Correcting the Paradoxes and Coming to a Time Travel Potentiality
To clear up the paradoxes that Gleick highlights we can begin by looking at a clock and looking at a ruler. A clock is just a ruler bent into a circle; rulers measure distance but what do clocks measure? The best answer is that clocks measure movement. Einstein’s big insight was to see that an observer’s experience of time, like his experience of distance, differs depending upon how fast the observer is moving. Now, if time is the measurement of movement, this would indicate that the absence of movement equals the absence of time.
In quantum calculations, the singularity “before” the Big Bang is expressed as T=0. Pick this equation up and look at it closely and you’ll see that what it really says is that T=Movement, and that zero movement equals zero time. Having said this, we must define what is meant by “time travel.” By time travel, we likely mean that a human observer could be sent, preserved in a current psychological state, into a physical reality of the past or future and do so without causing any logical paradoxes or violating any laws of physics. Is this possible? Yes, it’s possible, but not in a way that validates most science fiction scenarios.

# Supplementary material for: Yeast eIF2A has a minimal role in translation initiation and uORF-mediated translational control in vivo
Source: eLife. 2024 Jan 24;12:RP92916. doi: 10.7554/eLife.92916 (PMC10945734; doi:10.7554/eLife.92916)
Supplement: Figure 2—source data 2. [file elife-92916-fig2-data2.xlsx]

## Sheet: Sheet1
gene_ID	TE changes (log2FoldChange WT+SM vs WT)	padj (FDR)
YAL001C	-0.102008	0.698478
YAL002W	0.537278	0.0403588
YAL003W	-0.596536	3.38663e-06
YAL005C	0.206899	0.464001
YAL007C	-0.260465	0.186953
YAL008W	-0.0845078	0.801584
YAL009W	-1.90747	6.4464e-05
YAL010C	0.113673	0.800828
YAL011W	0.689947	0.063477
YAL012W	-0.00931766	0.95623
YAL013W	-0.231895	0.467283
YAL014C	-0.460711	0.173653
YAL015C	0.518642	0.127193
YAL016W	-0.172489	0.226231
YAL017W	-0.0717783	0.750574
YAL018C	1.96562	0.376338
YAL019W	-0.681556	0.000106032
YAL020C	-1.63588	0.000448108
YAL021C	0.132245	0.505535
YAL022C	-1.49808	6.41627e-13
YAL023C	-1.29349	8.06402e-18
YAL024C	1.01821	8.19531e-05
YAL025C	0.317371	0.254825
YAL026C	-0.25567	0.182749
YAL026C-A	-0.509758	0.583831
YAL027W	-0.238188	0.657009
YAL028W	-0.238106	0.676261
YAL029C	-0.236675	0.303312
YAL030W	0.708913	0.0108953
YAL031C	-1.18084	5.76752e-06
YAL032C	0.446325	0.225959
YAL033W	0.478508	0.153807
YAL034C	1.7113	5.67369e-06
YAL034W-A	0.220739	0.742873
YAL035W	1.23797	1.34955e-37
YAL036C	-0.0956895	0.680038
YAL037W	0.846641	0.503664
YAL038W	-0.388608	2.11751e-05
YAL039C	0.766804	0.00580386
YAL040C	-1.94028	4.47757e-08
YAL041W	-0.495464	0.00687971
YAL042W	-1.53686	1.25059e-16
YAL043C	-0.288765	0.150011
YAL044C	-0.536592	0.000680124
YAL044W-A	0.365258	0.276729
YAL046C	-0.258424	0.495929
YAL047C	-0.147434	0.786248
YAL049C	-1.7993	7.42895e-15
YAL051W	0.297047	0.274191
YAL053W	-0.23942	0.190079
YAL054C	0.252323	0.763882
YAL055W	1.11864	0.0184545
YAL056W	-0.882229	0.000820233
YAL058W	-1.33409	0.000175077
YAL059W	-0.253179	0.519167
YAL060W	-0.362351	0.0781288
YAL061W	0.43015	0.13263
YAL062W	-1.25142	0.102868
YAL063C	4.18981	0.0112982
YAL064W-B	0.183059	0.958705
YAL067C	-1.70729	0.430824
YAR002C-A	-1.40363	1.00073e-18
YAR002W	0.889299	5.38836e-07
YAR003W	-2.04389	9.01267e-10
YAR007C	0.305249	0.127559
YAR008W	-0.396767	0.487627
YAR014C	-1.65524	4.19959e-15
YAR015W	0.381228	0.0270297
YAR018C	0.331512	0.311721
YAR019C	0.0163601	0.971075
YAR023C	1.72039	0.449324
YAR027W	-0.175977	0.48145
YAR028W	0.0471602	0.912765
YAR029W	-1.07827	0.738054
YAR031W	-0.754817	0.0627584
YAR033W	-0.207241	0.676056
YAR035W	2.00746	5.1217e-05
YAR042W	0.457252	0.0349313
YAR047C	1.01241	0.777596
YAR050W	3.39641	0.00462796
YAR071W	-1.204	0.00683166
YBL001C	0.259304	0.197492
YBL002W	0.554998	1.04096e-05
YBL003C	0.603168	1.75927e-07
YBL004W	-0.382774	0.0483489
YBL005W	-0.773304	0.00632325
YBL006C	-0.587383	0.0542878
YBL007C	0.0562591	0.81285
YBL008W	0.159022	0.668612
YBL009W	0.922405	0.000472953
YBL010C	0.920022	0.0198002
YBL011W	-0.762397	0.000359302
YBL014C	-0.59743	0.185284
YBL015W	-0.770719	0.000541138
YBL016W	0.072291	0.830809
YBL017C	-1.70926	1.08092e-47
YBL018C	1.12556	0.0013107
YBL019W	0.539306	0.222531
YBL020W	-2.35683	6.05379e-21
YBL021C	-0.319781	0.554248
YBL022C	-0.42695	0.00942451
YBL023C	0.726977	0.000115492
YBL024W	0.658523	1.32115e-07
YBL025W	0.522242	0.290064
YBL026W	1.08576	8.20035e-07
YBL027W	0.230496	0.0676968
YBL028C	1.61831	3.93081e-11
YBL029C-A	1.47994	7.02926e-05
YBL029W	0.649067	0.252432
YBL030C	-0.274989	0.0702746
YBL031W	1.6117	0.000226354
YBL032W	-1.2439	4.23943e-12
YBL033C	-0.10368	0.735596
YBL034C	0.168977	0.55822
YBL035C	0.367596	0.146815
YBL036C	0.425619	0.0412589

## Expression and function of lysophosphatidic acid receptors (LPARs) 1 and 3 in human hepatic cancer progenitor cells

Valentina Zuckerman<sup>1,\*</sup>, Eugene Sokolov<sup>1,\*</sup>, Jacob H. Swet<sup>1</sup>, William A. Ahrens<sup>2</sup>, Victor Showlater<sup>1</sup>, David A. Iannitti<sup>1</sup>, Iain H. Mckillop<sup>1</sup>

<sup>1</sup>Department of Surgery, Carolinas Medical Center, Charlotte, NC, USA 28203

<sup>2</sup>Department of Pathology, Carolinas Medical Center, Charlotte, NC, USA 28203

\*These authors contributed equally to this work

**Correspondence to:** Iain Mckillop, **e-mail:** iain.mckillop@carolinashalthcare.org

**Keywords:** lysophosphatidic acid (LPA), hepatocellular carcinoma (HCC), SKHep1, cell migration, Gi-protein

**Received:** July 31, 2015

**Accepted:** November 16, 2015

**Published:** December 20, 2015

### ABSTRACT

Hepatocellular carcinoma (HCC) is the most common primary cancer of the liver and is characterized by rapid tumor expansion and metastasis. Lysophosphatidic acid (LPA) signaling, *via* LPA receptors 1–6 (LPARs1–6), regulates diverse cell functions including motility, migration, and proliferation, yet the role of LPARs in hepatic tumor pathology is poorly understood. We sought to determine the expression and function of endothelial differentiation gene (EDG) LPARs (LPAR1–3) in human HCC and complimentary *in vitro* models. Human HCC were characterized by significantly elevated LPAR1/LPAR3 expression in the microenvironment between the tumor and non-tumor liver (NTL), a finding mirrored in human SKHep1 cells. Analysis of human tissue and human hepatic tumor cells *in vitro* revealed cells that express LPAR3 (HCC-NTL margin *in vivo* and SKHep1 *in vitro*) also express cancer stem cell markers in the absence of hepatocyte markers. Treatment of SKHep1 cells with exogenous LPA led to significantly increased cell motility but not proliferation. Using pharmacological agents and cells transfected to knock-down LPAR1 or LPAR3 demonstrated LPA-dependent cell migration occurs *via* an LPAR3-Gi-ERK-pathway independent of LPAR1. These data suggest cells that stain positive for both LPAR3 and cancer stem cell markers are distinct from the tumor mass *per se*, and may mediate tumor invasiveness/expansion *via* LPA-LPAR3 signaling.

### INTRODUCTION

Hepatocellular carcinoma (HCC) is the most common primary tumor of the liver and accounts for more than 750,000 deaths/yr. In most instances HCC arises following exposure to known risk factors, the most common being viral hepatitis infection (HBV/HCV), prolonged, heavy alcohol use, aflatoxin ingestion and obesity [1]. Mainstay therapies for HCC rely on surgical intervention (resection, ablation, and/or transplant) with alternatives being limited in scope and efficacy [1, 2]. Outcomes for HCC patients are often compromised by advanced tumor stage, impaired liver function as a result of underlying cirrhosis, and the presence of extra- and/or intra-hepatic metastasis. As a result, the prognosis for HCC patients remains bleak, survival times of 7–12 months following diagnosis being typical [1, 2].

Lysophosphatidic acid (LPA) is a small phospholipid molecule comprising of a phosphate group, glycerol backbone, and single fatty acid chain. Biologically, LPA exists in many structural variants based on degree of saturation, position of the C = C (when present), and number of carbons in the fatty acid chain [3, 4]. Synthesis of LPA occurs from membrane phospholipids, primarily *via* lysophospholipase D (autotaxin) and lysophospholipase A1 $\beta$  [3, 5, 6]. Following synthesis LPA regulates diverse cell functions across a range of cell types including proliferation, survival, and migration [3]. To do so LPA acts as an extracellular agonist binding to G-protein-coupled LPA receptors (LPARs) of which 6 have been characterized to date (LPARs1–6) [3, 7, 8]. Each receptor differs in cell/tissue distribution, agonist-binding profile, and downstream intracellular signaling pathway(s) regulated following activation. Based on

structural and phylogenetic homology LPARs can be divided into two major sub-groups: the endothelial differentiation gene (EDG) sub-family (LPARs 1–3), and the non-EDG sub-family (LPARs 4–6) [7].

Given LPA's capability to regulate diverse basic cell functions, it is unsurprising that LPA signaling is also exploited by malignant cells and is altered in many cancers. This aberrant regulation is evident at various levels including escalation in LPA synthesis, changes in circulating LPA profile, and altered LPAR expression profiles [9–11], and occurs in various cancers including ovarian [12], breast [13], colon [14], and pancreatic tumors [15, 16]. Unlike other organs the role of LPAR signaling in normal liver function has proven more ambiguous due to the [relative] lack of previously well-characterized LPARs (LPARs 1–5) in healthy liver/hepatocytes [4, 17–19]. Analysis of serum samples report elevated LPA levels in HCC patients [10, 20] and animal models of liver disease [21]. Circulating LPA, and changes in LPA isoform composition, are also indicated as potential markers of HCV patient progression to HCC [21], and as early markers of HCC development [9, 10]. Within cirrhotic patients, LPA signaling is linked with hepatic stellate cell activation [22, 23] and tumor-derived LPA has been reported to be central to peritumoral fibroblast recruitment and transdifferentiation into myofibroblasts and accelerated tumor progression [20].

First, we must understand that from our perspective where a particle or wave was three seconds ago and where it will be three seconds from now contain the same probabilities. We are never sure of the past of anything, but if a salt shaker is sitting on the table the odds that it was on the table three seconds ago and the odds that it will be on the table three seconds from now are the same. Those probabilities can change with the arrival of evidence. If I see a salt trail from the counter to the table, that might indicate that the salt shaker was on the counter recently and if someone picks the salt shaker up, that shakes the probabilities, but a docile salt shaker will likely stay in place.
Okay, from this we must understand that the universe does not have a single history, but a series of probable histories that are discerned from using current evidence. As Paul Davies wrote in a 2007 article in New Scientist on “The Flexi-Laws of Physics”: